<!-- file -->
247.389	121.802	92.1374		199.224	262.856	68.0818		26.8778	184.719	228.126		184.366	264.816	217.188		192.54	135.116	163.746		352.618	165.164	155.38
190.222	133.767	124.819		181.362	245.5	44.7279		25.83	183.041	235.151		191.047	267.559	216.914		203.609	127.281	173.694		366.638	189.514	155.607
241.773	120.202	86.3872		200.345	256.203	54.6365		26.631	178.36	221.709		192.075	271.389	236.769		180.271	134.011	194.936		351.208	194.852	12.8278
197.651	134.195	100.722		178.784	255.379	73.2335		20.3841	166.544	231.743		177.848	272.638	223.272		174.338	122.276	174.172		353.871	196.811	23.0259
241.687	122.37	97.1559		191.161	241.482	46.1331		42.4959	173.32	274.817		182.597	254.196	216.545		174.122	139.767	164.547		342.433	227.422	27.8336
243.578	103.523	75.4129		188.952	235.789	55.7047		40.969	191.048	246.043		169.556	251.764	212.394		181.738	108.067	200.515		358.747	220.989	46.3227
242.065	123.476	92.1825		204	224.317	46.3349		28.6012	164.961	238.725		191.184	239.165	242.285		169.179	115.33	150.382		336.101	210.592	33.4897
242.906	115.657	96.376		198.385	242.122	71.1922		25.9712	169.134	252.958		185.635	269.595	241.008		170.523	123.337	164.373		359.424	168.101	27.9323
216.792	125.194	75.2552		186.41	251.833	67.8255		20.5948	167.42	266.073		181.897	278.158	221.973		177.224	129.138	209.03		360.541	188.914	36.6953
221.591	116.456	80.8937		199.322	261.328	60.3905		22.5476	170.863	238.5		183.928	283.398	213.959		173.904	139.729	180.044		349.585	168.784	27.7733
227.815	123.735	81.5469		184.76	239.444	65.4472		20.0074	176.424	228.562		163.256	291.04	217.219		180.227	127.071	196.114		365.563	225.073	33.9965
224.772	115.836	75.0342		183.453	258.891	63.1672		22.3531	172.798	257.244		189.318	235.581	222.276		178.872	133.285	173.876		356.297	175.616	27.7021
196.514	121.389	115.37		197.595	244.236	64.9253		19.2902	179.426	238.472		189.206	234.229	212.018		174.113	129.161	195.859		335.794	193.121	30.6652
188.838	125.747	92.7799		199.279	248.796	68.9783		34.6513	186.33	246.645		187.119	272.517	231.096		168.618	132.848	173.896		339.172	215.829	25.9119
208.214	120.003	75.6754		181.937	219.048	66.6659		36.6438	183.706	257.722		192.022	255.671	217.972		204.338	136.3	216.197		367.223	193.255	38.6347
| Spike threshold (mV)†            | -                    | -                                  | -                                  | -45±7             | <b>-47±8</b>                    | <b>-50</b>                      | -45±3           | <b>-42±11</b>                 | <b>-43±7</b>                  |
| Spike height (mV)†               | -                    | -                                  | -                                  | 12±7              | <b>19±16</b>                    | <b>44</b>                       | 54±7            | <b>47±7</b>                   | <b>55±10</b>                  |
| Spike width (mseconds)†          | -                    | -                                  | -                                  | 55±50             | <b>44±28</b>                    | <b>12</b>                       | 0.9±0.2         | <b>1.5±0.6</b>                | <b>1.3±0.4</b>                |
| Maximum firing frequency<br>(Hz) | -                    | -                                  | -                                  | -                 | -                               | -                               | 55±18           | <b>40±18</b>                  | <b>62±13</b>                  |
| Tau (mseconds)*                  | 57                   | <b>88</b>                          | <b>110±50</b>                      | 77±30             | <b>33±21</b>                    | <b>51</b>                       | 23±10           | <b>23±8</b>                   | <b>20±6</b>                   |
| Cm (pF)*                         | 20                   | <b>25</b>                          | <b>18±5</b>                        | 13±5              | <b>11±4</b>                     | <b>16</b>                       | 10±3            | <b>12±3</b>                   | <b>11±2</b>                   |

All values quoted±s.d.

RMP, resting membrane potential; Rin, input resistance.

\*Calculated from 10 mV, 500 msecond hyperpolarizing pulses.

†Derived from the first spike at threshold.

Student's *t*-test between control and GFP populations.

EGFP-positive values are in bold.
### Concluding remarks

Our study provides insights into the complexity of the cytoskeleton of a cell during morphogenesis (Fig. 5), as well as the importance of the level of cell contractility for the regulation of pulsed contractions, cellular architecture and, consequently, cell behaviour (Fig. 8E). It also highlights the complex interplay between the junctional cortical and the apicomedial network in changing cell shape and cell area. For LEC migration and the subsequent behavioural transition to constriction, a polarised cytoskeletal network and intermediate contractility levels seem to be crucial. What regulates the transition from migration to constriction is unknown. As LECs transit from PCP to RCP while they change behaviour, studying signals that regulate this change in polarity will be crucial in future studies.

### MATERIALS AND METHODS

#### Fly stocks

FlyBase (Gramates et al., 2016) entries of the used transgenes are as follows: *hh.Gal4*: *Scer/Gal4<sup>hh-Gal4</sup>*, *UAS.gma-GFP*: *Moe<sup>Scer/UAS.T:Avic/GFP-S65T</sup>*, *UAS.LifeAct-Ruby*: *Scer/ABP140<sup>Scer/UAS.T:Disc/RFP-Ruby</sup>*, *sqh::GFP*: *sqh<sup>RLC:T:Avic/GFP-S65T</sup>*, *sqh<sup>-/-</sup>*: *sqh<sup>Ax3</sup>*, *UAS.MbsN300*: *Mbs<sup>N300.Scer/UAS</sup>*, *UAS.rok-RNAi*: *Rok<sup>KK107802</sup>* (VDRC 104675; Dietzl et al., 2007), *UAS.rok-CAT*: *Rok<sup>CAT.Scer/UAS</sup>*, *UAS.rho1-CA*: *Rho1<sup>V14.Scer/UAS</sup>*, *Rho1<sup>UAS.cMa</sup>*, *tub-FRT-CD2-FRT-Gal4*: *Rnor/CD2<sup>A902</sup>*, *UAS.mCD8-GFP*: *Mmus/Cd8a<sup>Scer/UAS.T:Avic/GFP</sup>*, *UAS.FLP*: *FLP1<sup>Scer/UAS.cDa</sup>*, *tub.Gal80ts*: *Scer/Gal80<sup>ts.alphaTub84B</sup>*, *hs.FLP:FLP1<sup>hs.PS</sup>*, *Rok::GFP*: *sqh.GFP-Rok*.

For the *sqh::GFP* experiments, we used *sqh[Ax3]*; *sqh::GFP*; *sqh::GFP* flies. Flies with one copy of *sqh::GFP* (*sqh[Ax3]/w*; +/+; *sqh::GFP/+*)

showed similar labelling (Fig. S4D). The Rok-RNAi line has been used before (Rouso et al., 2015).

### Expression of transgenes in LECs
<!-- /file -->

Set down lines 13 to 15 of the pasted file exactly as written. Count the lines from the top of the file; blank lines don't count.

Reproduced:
196.514	121.389	115.37		197.595	244.236	64.9253		19.2902	179.426	238.472		189.206	234.229	212.018		174.113	129.161	195.859		335.794	193.121	30.6652
188.838	125.747	92.7799		199.279	248.796	68.9783		34.6513	186.33	246.645		187.119	272.517	231.096		168.618	132.848	173.896		339.172	215.829	25.9119
208.214	120.003	75.6754		181.937	219.048	66.6659		36.6438	183.706	257.722		192.022	255.671	217.972		204.338	136.3	216.197		367.223	193.255	38.6347